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Johnson Space Center closed through Labor Day to evaluate safety after Harvey

Tropical Storm Harvey as seen by the crew of the International Space Station on Aug. 29, 2017. Photo Credit: Randy Bresnik / NASA

Tropical Storm Harvey as seen by the crew of the International Space Station on Aug. 29, 2017. Photo Credit: Randy Bresnik / NASA

Hurricane Harvey, now a tropical storm, has prompted NASA to cancel an in-flight question and answer session with Expedition 52 astronaut Peggy Whitson, who is currently aboard the International Space Station. Additionally, the Johnson Space Center will remain closed until Sept. 5, 2017, to all but mission mission-essential personnel while officials evaluate the safety of the center.

A 30-minute news conference with Whitson, who has been residing at the outpost since November 2016 and will return to Earth this weekend, was planned for Aug. 30. However, because of the Johnson Space Center’s closure, mission-essential staff will not be able to support the in-flight event.

Moreover, live satellite interviews with NASA astronauts Mark Vande Hei and Joe Acaba, who are in Russia, have also been canceled. The U.S. space agency originally cited a change in the crew’s training schedule for the cancellation, but because the event was planned for Sept. 1, there will also be no staff to support the event.

Vande Hei and Acaba will launch to the space station with cosmonaut Alexander Misurkin on Sept. 12 inside their Soyuz MS-06 spacecraft. Liftoff is scheduled for 5:17 p.m. EDT (21:17 GMT). They will remain at the outpost until February 2018.

Harvey made its first landfall near Corpus Christi, Texas, on Aug. 26 with maximum sustained winds of 130 mph (210 km/h): a Category 4 hurricane. The 280-mile (450-kilometer) wide storm soon stalled over the state before moving back out into the Gulf of Mexico. It made a second landfall on Aug. 30 near the Texas-Louisiana border, this time as a tropical storm with sustained winds of 45 mph (73 km/h).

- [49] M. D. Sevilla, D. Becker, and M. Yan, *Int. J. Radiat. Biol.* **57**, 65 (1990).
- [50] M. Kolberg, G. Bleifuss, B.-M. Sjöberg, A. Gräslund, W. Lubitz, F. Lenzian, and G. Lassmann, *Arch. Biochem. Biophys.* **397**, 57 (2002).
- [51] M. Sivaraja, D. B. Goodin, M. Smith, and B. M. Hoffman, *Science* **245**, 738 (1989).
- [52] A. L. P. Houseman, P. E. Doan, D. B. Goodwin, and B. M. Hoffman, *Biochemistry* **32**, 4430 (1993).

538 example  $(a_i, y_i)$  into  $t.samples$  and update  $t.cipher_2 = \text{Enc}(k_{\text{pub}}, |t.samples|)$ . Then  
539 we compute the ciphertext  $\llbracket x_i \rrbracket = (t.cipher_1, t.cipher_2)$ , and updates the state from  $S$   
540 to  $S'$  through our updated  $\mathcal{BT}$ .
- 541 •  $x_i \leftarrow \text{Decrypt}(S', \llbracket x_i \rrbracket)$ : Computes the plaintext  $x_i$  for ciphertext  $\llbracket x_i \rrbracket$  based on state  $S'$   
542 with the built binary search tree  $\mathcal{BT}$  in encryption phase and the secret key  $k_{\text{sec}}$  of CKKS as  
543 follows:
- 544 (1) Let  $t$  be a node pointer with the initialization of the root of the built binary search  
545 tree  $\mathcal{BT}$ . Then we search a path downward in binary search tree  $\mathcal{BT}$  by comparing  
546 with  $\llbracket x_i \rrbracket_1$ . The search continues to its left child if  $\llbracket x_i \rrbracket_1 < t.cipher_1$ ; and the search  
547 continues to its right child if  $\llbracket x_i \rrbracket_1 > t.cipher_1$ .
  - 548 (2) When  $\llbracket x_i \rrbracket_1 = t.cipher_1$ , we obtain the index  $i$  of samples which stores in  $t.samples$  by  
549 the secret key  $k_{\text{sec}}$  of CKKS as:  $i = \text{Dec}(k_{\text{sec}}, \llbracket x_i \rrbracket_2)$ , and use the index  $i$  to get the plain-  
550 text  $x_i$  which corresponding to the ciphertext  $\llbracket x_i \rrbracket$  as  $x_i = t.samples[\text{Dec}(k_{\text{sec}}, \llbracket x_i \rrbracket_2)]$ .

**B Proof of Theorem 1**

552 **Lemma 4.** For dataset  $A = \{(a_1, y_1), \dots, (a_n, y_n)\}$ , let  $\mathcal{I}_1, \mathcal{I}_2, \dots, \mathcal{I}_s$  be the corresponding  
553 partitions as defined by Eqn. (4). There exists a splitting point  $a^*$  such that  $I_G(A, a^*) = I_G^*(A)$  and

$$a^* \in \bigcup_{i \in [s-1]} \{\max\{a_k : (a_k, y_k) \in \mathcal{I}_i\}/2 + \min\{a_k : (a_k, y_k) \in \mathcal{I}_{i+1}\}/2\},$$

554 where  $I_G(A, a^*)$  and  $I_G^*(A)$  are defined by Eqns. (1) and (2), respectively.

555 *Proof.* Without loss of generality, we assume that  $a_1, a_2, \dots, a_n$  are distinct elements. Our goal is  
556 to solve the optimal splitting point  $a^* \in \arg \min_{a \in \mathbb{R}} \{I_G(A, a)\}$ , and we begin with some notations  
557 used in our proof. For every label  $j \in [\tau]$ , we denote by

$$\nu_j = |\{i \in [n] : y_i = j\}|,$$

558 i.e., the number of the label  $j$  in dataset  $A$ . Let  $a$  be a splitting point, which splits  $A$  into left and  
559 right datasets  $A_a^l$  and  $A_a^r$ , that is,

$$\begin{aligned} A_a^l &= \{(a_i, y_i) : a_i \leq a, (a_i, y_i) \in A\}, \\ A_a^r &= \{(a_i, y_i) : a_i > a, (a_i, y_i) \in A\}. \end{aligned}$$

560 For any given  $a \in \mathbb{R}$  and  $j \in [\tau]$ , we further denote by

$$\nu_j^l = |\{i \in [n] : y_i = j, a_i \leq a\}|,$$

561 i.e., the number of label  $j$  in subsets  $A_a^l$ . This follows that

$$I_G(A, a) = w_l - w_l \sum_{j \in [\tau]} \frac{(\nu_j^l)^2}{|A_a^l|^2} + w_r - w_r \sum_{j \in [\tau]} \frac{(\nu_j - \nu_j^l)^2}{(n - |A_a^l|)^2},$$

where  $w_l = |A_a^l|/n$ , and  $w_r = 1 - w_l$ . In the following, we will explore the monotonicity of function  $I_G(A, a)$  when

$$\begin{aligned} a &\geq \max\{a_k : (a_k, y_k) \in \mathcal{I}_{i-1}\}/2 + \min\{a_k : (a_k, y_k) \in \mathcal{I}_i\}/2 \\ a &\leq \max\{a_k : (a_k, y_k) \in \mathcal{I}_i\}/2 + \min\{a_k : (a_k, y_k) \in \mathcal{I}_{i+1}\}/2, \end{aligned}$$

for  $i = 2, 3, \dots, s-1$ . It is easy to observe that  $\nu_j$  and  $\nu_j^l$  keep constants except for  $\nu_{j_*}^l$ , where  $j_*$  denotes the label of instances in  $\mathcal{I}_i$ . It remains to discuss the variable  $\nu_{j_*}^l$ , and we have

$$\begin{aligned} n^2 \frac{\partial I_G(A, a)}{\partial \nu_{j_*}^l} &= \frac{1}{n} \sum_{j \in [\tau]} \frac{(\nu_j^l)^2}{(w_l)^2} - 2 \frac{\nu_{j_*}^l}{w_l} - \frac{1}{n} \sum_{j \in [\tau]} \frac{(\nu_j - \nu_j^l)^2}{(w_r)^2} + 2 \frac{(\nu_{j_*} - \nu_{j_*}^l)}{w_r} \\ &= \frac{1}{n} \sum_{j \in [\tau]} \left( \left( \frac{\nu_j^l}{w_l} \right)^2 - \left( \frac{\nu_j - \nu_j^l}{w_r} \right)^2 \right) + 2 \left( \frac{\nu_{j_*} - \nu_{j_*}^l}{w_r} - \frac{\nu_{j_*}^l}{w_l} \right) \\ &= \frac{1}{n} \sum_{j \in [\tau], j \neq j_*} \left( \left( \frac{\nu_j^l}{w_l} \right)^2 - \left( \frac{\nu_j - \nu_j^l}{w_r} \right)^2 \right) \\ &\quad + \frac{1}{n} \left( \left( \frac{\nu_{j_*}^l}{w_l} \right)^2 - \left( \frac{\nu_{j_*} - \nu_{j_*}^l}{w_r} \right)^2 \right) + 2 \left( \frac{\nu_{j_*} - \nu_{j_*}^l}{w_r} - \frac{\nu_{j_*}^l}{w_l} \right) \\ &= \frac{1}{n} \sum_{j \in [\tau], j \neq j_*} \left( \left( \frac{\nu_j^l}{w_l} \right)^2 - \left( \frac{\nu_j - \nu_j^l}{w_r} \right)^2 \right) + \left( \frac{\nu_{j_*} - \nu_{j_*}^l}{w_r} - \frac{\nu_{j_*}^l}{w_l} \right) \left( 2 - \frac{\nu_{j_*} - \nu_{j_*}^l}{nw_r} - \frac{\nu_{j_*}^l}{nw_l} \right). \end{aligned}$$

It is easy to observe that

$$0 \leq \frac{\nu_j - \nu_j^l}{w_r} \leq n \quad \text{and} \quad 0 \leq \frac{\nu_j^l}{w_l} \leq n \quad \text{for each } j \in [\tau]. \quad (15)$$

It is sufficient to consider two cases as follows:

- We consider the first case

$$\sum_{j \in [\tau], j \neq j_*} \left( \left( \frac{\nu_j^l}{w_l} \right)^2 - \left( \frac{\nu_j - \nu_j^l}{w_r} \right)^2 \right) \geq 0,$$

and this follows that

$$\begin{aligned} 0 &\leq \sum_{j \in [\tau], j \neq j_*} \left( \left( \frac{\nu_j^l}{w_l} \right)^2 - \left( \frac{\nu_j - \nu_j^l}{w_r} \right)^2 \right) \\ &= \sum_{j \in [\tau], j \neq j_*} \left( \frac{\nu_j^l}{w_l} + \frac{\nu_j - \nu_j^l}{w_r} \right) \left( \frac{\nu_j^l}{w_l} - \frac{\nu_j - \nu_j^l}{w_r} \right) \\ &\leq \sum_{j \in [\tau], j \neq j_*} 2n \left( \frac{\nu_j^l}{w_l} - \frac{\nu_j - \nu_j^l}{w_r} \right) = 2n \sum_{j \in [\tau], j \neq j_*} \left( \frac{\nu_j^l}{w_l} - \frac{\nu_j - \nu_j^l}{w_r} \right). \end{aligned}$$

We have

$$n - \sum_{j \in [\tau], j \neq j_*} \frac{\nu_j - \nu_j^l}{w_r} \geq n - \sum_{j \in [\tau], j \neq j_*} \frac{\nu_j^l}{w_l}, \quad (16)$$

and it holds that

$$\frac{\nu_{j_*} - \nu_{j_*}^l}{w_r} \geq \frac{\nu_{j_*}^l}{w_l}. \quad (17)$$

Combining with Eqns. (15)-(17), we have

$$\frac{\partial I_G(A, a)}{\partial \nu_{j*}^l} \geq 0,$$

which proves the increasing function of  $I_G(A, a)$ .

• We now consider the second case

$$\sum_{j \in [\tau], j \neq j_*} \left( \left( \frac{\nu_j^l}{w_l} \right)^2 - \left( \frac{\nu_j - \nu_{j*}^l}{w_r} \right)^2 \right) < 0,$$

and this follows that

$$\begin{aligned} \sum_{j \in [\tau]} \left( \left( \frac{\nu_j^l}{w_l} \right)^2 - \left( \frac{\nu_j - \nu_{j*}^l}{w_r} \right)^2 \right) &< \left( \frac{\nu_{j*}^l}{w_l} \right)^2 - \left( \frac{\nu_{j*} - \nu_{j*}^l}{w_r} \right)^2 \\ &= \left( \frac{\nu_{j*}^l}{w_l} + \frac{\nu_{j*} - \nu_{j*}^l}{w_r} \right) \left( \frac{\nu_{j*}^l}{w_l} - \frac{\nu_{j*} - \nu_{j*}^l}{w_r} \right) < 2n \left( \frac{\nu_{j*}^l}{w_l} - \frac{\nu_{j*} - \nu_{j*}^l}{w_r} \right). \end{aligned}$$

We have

So far, the storm has dropped more than 50 inches of rain, including in Houston where Johnson Space Center is located, resulting in floods impacting hundreds of thousands of homes and displacing more than 30,000 people. Harvey has caused at least 21 deaths in the United States. Preliminary economic losses are estimated to be between $10 billion to $160 billion.

While the Johnson Space Center originally closed on Aug. 25, sheltering in place were mission-essential personnel. This included flight controllers who maintain constant contact with the International Space Station.

Johnson Space Center’s leadership is continuing to monitor weather conditions as well as the overall situation in Houston. Teams will prepare a full assessment of the center’s status after the storm fully passes.

“Our primary concern is the safety of our employees and all our fellow Houstonians,” said Johnson Director Ellen Ochoa in a statement on NASA’s website. “We’re taking these measures to ensure the members of our team and their families can take care of themselves and their neighbors.”

According to NASA, closing the center will allow employees to avoid flooded roads and attend to the needs of their families. Additionally, it allows for essential employees to focus on the highest-priority missions, including the landing of three ISS crew members over the Labor Day weekend. The trio – Whitson, NASA astronaut Jack Fischer, and cosmonaut Fyodor Yurchikhin – will land in their Soyuz MS-04 spacecraft at 9:22 p.m. EDT Sept. 2 (01:22 GMT Sept. 3), 2017, in Kazakhstan.

Video courtesy of NOAA

 

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Derek Richardson has a degree in mass media, with an emphasis in contemporary journalism, from Washburn University in Topeka, Kansas. While at Washburn, he was the managing editor of the student run newspaper, the Washburn Review. He also has a blog about the International Space Station, called Orbital Velocity. He met with members of the SpaceFlight Insider team during the flight of a United Launch Alliance Atlas V 551 rocket with the MUOS-4 satellite. Richardson joined our team shortly thereafter. His passion for space ignited when he watched Space Shuttle Discovery launch into space Oct. 29, 1998. Today, this fervor has accelerated toward orbit and shows no signs of slowing down. After dabbling in math and engineering courses in college, he soon realized his true calling was communicating to others about space. Since joining SpaceFlight Insider in 2015, Richardson has worked to increase the quality of our content, eventually becoming our managing editor. @TheSpaceWriter

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